At whose pleasur friend?At whose pleasure, friend?TC III.i.23
Command, I meane friend.Command, I mean, friend.TC III.i.25
Friend, we vnderstand not one another: I Friend, we understand not one another: ITC III.i.27
am too courtly, and thou art too cunning. At whose am too courtly, and thou art too cunning. At whoseTC III.i.28
request doe these men play?request do these men play?TC III.i.29
Who? my Cosin Cressida.Who, my cousin Cressida?TC III.i.34
It should seeme fellow, that thou hast notIt should seem, fellow, that thou hast notTC III.i.37
seen the Lady Cressida. I come to speake with Paris seen the Lady Cressida. I come to speak with ParisTC III.i.38
from the Prince Troylus: I will make a complementall from the Prince Troilus. I will make a complimentalTC III.i.39
assault vpon him, for my businesse seethes.assault upon him, for my business seethes.TC III.i.40
Faire be to you my Lord, and to all this faire Fair be to you, my lord, and to all this fairTC III.i.43
company: faire desires in all faire measure fairely guide company; fair desires, in all fair measure, fairly guideTC III.i.44
them, especially to you faire Queene, faire thoughts be them! – especially to you, fair queen: fair thoughts beTC III.i.45
your faire pillow.your fair pillow!TC III.i.46
You speake your faire pleasure sweete Queene:You speak your fair pleasure, sweet queen. – TC III.i.48
faire Prince, here is good broken Musicke.Fair prince, here is good broken music.TC III.i.49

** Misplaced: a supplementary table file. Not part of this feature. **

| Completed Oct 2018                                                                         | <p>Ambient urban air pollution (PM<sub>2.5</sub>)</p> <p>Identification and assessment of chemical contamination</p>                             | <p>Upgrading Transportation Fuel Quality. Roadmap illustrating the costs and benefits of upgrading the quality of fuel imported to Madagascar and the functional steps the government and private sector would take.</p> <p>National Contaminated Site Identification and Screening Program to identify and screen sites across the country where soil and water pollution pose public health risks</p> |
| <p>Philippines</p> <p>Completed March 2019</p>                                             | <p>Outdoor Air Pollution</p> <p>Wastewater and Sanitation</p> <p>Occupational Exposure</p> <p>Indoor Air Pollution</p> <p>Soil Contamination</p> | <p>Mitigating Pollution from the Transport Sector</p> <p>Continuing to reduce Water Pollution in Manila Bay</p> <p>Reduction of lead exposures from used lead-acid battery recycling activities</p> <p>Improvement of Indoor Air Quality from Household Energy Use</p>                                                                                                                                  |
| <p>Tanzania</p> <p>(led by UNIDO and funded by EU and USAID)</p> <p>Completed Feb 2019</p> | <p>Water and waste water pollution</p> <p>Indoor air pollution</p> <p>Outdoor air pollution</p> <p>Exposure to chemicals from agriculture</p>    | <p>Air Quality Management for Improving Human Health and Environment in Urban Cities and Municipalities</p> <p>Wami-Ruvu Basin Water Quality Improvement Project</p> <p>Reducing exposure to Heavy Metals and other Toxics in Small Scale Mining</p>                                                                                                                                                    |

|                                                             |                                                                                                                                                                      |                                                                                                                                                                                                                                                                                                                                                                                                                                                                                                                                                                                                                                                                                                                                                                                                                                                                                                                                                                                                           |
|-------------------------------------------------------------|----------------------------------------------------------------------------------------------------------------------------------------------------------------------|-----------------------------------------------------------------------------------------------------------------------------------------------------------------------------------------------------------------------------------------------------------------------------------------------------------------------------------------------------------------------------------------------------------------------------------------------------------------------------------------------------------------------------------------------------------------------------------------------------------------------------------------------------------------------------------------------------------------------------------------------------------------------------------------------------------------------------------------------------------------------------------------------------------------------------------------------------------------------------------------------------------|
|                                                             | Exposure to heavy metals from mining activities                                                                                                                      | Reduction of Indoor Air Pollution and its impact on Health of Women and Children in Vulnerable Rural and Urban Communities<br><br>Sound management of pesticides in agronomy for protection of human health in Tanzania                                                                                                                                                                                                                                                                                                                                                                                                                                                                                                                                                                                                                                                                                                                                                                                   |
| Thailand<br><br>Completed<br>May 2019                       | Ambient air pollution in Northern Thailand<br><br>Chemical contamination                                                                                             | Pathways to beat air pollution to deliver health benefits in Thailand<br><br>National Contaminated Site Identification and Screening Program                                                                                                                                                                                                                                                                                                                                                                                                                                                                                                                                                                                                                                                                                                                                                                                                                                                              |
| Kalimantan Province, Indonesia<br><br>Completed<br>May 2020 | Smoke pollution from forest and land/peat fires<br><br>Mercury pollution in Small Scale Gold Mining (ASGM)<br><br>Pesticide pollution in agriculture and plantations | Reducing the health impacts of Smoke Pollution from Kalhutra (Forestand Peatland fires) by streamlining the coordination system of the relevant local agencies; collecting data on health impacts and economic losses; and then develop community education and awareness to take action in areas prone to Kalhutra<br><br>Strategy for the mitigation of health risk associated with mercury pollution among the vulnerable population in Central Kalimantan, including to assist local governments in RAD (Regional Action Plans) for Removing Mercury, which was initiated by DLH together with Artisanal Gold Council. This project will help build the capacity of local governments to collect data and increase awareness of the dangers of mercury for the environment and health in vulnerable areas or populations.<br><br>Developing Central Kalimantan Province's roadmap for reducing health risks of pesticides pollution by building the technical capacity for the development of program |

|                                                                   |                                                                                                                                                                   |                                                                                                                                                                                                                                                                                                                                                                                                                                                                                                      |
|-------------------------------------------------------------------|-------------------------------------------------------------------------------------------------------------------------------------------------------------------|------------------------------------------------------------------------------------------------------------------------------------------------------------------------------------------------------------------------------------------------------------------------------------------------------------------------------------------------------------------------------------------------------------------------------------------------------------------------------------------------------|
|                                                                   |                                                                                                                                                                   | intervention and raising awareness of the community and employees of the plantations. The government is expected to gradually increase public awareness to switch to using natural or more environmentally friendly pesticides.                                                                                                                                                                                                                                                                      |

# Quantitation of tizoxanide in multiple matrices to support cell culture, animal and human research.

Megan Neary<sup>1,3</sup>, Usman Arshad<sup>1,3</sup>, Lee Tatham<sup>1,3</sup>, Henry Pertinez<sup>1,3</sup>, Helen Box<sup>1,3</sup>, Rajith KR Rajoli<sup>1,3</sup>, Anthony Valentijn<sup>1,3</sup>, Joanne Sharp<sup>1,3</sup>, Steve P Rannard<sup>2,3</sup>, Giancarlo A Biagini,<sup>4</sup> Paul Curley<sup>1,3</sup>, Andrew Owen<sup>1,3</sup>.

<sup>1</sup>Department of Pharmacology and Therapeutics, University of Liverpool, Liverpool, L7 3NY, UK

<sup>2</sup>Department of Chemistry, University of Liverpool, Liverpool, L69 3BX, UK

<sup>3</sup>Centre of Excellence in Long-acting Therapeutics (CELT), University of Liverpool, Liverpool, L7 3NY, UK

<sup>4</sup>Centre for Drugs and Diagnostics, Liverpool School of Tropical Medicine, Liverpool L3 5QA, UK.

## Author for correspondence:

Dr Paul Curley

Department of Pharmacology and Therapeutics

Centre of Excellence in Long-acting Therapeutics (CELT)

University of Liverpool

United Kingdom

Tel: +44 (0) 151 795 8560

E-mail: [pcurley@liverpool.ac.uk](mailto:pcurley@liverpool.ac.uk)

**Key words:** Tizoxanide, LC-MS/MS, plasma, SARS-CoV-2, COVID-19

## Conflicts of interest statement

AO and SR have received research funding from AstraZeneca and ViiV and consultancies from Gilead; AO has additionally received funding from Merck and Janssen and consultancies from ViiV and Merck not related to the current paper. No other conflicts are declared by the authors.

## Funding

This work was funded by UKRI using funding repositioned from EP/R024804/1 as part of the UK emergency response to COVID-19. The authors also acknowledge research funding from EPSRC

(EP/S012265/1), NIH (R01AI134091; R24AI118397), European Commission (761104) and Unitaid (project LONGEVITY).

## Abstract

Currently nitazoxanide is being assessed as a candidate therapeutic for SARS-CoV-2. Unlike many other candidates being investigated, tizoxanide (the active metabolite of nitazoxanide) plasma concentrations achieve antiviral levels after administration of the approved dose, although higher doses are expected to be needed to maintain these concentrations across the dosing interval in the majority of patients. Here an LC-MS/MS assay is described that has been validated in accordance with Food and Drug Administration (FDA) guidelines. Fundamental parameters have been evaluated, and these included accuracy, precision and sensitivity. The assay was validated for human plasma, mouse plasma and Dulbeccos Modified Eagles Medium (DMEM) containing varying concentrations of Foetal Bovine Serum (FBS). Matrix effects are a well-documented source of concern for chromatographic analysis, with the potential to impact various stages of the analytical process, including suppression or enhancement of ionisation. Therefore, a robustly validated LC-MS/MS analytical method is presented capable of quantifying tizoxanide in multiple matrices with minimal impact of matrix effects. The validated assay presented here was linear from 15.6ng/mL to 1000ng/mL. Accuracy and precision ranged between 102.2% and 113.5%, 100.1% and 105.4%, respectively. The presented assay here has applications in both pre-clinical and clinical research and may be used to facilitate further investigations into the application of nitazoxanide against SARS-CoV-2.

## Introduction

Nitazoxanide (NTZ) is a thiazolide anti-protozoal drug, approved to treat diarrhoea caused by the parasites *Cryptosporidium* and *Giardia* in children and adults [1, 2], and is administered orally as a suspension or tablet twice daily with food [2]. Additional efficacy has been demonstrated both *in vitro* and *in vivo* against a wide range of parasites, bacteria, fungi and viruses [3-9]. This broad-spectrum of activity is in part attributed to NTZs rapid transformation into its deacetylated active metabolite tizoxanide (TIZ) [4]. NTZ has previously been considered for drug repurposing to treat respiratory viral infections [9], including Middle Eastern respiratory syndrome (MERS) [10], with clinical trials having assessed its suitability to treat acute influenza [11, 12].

Truely Lady no.Truly, lady, no.TC III.i.53
Rude in sooth, in good sooth very rude.Rude, in sooth; in good sooth, very rude.TC III.i.55
I haue businesse to my Lord, deere Queene: myI have business to my lord, dear queen. – MyTC III.i.57
Lord will you vouchsafe me a word.lord, will you vouchsafe me a word?TC III.i.58
Well sweete Queene you are pleasant with me,Well, sweet queen, you are pleasant with me.TC III.i.61
but, marry thus my Lord, my deere Lord, and most – But, marry, thus, my lord: my dear lord, and mostTC III.i.62
esteemed friend your brother Troylus.esteemed friend, your brother Troilus – TC III.i.63
Go too sweete Queene, goe to. / Commends Go to, sweet queen, go to – commendsTC III.i.65
himselfe most affectionately to you.himself most affectionately to you – TC III.i.66
Sweete Queene, sweete Queene, that's a sweeteSweet queen, sweet queen; that's a sweetTC III.i.69